In the cinema of the early- to mid-1980s, the San Fernando Valley was depicted as a cultural dead zone of gargantuan shopping malls, Valley girls, and sedate tract housing, but the image was essentially innocent. Valley adolescents stayed out past their bedtimes, occasionally smoked too much pot and even had sex, but they were essentially good kids.
Then we met Rollergirl.
In 1997, Paul Thomas Anderson’s Boogie Nights flipped the Valley’s image on its head by filling its backyard swimming pools not with sex-crazed teens but with literal sex workers. The film recast the region as a XXX-rated playground for youth rebelling against their dysfunctional home lives by diving into the deep end of on-camera infamy.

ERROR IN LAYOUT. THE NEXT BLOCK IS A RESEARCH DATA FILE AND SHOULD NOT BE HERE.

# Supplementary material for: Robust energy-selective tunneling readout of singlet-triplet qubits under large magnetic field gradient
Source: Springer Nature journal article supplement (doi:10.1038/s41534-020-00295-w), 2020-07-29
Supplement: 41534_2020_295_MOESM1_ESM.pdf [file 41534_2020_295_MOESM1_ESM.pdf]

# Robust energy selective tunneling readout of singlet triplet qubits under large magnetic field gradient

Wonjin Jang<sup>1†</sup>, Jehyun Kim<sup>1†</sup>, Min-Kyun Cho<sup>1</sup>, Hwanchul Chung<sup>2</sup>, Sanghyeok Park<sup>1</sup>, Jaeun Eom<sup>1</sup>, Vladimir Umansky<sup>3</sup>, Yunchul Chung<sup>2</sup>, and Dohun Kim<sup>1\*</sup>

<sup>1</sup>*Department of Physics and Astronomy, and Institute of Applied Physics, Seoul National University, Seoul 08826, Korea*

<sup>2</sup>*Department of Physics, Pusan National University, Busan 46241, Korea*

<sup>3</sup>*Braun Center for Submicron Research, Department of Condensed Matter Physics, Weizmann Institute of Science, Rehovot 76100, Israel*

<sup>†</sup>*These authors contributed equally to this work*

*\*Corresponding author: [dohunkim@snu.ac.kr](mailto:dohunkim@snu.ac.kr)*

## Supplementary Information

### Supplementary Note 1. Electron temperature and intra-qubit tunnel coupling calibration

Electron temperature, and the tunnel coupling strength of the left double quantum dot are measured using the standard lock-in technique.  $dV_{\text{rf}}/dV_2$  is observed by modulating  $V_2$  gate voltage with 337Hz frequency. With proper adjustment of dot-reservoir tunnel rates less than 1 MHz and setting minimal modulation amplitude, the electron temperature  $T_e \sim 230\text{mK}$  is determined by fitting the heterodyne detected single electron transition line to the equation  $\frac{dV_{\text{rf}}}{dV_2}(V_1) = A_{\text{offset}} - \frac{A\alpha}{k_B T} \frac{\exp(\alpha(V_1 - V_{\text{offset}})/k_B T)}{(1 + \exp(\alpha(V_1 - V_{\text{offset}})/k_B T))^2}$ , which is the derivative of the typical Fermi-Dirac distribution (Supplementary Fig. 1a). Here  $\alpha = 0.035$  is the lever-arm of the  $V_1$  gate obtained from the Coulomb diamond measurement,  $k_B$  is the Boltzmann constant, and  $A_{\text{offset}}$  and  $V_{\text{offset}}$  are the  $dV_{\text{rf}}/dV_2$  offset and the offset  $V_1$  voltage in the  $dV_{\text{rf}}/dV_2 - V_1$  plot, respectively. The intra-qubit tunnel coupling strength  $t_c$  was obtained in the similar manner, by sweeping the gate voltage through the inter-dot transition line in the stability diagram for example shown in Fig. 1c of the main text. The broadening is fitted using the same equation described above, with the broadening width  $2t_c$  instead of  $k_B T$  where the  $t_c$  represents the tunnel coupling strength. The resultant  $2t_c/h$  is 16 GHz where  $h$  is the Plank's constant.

Anderson is a Valley native who came of age during the “Valley Girl” phenomenon of the early ’80s. Boogie Nights is the first and arguably the greatest film in his so-called “Valley trilogy,” which also includes Magnolia and Punch-Drunk Love.
Like Fast Times at Ridgemont High, which the director gobbled up at the Sherman Oaks Galleria as a 12-year-old, it establishes a strong sense of the Valley landscape. Unlike that film, it plunges into the region’s dark underbelly.
Now, 20 years after the film first hit theaters, we’re taking you on a tour of its shooting locations with the help of veteran production designer Bob Ziembicki. Rollerskates optional. (Note: Some of the locations listed are private residences, so please be respectful.)Read More